June 22, 2021

  1. Shade-taking is a common source of failure when aiming to produce an aesthetic restoration. Several factors can cause an incorrect perception of true colour including ambient light (intensity, quality, the working environment and eye fatigue. Always use a calibrated light device that emits 5500K as this will allow for consistent conditions leading to more accurate shade selection. Example: Dental Lite by Optident: https://optident.co.uk/product/smile-lite-complete/.
  2. When taking a shade the value is more important than the chroma or hue so arrange your shade guide and make your selection accordingly. Always communicate the value, hue and chroma individually to your laboratory technician.
  3. The shape of the tooth is more important than the shade. So if your restoration or crown doesn’t look quite right assess the shape first.
  4. Never use a microbrush to apply resin/dentine bonding agent to your tooth as you’ll end up putting on too much. You only need the smallest amount so a periodontal probe can be useful for this. Also remember there is a difference between pure resin which is used for enamel and dentine bonding agent which is used for dentine.
  5. Finishing and polishing are different procedures. Finishing your composite restorations involves providing the primary, secondary and tertiary anatomy. This can be carried out using a composite brush (not a flat plastic), silicone contours bur impregnated with diamond and a scalpel. Polishing is then completed using a goat’s hair wheel (running it sideways along the tooth) with Shiny polishing paste.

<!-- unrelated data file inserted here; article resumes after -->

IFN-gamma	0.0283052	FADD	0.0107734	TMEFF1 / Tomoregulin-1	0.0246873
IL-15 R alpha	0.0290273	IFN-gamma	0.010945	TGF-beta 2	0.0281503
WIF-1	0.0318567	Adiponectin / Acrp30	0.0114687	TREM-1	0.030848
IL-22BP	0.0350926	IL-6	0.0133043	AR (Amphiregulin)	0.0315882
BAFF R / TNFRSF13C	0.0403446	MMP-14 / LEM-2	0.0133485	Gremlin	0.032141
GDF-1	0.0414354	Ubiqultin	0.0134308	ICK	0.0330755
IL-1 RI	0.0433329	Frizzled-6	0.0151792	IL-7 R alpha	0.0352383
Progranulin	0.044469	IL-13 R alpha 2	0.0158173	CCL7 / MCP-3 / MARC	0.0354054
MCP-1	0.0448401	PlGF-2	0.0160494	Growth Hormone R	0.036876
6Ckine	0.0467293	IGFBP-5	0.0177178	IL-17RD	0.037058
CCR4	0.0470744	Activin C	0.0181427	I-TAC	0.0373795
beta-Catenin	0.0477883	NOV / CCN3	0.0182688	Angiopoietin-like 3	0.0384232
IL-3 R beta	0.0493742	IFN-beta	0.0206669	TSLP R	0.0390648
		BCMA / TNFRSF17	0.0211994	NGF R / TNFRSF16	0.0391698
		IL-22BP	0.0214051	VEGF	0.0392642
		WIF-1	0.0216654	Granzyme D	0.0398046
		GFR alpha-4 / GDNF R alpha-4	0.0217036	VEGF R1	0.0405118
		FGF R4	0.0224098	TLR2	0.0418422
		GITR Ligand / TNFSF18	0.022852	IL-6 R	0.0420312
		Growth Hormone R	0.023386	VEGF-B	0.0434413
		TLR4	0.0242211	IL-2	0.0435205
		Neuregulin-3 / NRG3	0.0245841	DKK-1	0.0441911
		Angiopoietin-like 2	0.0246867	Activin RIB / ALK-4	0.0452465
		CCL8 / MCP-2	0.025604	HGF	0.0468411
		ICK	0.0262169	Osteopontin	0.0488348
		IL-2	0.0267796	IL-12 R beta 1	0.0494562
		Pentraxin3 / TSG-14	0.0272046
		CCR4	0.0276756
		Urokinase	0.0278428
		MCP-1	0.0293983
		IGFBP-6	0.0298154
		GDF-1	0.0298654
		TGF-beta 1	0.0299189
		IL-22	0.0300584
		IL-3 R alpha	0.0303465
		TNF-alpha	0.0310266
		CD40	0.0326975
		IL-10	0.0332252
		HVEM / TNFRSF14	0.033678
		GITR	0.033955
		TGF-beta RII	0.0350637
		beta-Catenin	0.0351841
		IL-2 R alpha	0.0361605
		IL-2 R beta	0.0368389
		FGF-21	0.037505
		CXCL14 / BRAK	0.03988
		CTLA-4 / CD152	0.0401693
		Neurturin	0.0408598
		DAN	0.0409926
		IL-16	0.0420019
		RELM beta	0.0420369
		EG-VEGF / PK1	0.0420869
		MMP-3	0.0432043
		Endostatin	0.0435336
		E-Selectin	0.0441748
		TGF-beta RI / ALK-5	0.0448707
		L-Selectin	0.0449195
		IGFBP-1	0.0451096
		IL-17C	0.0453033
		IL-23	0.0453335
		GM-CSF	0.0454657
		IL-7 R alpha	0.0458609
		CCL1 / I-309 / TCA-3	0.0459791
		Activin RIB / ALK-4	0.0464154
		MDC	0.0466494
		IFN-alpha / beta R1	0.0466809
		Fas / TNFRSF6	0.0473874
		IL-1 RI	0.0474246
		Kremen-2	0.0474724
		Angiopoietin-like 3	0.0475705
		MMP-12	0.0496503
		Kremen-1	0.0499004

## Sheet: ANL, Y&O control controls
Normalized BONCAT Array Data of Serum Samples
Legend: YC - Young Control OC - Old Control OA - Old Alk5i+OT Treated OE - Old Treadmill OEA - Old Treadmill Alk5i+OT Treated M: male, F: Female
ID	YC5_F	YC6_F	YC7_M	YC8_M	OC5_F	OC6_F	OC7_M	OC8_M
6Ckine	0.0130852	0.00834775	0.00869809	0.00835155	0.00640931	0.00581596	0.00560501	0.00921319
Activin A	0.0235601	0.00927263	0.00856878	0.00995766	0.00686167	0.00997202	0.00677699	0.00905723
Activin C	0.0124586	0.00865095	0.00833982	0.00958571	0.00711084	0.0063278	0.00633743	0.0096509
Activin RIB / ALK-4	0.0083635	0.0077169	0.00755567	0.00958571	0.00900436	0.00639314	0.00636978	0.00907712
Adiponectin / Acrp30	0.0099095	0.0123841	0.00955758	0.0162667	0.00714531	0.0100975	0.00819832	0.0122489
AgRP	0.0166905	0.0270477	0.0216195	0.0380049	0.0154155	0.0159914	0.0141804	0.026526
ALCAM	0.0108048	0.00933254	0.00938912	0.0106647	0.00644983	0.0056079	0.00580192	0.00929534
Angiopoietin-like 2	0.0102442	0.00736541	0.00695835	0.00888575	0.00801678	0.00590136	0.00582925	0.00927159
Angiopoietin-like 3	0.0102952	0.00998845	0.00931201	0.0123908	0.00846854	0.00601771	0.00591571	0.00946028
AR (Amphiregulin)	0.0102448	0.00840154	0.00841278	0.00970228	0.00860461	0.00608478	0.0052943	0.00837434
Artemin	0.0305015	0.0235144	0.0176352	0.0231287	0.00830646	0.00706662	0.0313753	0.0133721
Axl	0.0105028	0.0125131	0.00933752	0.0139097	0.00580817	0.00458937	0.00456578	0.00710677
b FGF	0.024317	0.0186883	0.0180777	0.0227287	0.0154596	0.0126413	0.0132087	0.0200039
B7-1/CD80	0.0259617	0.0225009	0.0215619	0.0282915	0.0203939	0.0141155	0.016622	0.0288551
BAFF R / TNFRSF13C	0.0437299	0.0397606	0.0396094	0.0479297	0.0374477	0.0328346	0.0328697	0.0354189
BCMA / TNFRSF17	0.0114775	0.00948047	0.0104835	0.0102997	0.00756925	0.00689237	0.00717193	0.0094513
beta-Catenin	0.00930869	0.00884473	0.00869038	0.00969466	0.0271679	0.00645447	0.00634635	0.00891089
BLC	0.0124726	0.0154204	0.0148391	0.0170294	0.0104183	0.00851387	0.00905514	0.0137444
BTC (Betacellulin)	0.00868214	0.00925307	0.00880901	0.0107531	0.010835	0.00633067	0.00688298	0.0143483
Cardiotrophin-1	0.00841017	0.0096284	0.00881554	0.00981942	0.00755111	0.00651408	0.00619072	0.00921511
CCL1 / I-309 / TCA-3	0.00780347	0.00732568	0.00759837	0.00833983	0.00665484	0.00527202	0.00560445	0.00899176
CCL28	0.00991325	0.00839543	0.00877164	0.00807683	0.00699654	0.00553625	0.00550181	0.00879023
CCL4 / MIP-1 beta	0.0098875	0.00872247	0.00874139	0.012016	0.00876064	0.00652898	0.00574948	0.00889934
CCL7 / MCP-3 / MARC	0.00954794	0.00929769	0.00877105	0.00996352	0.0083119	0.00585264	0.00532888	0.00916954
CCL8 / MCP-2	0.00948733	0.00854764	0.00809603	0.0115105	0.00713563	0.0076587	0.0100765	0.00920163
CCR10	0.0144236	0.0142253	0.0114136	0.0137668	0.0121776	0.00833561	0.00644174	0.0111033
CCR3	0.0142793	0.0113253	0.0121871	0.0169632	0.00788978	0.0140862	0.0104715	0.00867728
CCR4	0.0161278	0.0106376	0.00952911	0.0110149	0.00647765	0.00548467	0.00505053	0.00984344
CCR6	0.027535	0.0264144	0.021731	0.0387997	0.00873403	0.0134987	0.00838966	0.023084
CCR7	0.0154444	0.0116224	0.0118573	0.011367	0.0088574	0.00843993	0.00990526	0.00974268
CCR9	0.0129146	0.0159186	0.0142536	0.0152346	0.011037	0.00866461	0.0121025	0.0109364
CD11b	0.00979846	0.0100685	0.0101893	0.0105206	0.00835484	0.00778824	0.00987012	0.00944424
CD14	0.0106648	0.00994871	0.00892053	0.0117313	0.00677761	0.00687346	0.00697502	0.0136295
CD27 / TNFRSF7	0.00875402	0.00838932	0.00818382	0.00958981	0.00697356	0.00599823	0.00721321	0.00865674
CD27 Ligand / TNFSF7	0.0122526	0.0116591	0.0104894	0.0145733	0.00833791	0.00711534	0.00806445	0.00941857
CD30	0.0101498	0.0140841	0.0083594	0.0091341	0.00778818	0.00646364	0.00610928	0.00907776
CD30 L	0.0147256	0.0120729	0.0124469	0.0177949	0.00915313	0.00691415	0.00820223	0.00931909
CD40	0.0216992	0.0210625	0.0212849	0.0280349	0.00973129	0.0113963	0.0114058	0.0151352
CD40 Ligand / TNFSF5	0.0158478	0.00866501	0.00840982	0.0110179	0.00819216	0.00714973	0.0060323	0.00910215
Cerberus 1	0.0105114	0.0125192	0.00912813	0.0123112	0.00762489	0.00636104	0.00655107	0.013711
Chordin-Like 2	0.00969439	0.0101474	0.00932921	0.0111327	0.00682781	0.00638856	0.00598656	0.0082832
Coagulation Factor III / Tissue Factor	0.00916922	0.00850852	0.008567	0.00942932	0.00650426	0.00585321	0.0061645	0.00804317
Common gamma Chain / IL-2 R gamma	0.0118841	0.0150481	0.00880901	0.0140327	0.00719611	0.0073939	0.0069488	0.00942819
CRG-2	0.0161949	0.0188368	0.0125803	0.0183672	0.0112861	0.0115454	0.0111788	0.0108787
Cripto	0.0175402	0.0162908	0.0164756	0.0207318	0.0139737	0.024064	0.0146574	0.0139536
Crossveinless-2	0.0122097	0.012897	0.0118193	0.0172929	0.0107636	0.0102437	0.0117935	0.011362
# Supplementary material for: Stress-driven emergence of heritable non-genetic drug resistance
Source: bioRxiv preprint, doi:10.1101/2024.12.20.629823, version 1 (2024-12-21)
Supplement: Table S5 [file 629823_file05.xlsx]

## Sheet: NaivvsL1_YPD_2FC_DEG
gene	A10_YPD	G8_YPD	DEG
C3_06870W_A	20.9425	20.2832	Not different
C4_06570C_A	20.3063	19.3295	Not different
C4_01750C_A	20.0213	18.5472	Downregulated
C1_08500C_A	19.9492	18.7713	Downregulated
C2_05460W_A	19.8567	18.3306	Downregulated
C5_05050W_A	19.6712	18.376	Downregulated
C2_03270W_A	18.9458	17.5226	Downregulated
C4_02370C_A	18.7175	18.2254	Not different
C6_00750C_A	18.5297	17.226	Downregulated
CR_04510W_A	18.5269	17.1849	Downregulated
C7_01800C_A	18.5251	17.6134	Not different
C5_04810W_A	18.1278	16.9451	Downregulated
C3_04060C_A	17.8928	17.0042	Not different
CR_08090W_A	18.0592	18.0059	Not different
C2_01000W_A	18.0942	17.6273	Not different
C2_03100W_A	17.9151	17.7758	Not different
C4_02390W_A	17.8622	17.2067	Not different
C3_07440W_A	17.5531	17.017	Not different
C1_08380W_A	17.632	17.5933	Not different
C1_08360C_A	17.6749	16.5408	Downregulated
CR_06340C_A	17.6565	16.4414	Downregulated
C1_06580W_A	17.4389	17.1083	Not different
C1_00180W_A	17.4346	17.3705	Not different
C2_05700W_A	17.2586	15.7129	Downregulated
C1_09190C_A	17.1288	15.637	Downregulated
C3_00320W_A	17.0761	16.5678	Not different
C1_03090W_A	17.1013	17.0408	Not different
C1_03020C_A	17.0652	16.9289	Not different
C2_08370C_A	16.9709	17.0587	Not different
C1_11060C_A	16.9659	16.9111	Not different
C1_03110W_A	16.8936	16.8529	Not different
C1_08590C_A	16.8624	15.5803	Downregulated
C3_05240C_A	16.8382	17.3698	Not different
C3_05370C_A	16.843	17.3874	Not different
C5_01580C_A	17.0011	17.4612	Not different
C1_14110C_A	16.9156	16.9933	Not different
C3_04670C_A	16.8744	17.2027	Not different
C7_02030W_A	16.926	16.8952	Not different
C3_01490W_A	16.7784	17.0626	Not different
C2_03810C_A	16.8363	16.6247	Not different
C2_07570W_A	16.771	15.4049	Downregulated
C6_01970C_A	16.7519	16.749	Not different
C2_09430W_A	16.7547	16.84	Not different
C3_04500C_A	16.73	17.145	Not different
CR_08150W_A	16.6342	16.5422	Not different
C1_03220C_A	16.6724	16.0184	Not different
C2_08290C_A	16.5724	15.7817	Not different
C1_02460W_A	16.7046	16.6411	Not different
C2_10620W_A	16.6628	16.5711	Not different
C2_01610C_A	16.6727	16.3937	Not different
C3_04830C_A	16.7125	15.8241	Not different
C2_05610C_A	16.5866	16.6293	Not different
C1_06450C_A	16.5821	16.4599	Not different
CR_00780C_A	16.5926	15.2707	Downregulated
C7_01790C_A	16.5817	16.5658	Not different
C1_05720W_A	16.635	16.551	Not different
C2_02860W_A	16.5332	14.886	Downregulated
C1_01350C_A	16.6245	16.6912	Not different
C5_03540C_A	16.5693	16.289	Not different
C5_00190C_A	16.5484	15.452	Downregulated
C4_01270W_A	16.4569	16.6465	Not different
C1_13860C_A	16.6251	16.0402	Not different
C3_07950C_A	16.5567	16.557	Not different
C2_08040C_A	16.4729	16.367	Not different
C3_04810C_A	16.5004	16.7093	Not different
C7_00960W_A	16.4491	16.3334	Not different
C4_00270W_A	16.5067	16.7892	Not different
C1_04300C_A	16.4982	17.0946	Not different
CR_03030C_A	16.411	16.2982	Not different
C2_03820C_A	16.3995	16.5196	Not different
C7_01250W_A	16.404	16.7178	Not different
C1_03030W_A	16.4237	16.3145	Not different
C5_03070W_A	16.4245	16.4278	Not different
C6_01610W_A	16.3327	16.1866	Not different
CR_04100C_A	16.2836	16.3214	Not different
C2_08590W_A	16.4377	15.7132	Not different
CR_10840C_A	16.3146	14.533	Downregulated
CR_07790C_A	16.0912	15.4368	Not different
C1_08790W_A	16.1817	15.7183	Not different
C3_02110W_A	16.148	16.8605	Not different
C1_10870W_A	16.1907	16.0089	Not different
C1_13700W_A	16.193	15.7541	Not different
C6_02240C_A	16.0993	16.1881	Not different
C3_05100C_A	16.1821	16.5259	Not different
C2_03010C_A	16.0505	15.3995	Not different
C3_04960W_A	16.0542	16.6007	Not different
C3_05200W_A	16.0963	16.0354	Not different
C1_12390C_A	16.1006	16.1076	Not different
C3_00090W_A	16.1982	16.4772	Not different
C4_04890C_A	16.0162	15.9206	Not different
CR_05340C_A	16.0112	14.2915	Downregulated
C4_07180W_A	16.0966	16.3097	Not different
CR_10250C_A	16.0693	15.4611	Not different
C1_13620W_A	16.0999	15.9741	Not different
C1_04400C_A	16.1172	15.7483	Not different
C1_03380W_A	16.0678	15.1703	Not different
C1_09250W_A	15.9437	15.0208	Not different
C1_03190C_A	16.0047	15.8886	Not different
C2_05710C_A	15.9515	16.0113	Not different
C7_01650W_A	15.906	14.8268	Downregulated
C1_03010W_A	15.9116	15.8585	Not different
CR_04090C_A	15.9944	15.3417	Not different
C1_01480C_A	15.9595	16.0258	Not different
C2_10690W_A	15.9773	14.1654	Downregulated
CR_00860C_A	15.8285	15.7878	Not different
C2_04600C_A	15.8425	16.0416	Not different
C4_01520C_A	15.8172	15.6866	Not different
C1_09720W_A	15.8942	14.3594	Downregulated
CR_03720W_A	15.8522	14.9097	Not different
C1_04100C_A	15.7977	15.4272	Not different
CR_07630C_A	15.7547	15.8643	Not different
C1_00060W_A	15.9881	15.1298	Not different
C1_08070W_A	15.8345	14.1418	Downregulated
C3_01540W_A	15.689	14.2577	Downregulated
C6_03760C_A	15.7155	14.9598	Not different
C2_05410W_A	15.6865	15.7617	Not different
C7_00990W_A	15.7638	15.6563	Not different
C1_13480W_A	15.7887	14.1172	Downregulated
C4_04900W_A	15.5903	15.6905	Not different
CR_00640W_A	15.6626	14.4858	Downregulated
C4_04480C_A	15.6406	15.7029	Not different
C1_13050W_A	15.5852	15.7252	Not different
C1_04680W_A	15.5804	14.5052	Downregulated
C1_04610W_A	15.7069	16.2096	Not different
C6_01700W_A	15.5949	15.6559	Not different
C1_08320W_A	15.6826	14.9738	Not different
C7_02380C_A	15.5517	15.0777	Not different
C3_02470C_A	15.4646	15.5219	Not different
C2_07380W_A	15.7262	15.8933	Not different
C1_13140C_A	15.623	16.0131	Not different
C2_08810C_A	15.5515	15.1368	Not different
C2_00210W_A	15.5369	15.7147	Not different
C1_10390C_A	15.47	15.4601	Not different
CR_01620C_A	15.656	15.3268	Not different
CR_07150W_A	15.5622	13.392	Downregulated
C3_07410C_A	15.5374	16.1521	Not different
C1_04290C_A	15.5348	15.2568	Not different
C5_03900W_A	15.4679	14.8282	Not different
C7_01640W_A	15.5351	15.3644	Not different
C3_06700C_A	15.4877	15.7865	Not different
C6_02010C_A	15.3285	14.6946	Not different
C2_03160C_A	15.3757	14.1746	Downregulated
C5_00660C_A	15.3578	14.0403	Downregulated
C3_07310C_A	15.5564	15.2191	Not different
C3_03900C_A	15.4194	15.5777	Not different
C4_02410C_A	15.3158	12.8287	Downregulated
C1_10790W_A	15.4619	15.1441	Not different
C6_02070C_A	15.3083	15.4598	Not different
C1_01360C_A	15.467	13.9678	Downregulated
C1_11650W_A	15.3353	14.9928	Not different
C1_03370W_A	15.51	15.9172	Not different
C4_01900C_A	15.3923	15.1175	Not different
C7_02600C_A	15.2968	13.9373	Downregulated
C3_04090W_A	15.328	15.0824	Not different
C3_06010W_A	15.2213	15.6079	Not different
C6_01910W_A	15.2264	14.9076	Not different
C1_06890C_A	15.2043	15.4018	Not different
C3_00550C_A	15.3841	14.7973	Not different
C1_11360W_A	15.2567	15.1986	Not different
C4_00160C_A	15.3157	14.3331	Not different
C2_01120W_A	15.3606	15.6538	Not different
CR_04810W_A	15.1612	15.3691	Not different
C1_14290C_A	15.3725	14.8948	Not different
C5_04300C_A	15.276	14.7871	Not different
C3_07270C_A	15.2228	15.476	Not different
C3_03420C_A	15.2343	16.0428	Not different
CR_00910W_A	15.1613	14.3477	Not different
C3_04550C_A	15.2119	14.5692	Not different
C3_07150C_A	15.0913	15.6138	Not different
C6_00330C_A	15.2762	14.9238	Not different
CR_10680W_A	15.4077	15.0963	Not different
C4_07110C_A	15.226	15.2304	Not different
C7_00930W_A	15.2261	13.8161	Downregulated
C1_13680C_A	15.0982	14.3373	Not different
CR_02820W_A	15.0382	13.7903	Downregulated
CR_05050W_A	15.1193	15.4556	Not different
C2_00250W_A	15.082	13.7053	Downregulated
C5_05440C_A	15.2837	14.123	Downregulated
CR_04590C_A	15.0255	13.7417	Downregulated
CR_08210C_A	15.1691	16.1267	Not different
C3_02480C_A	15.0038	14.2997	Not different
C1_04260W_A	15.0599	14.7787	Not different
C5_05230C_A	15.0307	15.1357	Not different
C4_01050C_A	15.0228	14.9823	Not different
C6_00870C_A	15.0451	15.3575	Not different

6. A diagnostic wax up is a very helpful tool for both the clinician and the patient, especially for tooth wear cases. If you have a wax up, use it to create a putty index. Putty indices are useful to make both provisional and definitive restorations. For the provisional it’s a good idea to flow some Quicktemp into and apply it to the tooth to create a mock-up for the patient. This will give you a better idea about whether the patient is happy with the proposed end result before embarking on any complex treatment.
  7. Utilise your soft skills to ask the patient how they feel about the aesthetics of their smile. Many patients may be embarrassed to bring it up without prompting. A commonly used phrase: “Are you happy with the colour, shape and shade of all your teeth?”
  8. Always carry out aesthetic dentistry for the right reasons. Not for financial gain or because you can take advantage of vulnerable patients.
  9. Focus of value for money for the patient rather than the actual amount they will need to pay. If you provide value, patients will pay.
  10. Patients don’t sue dentists they like. Work hard to build a good relationship with all your patients. Remember there is always a story and a set of emotions behind those teeth.

General Dental

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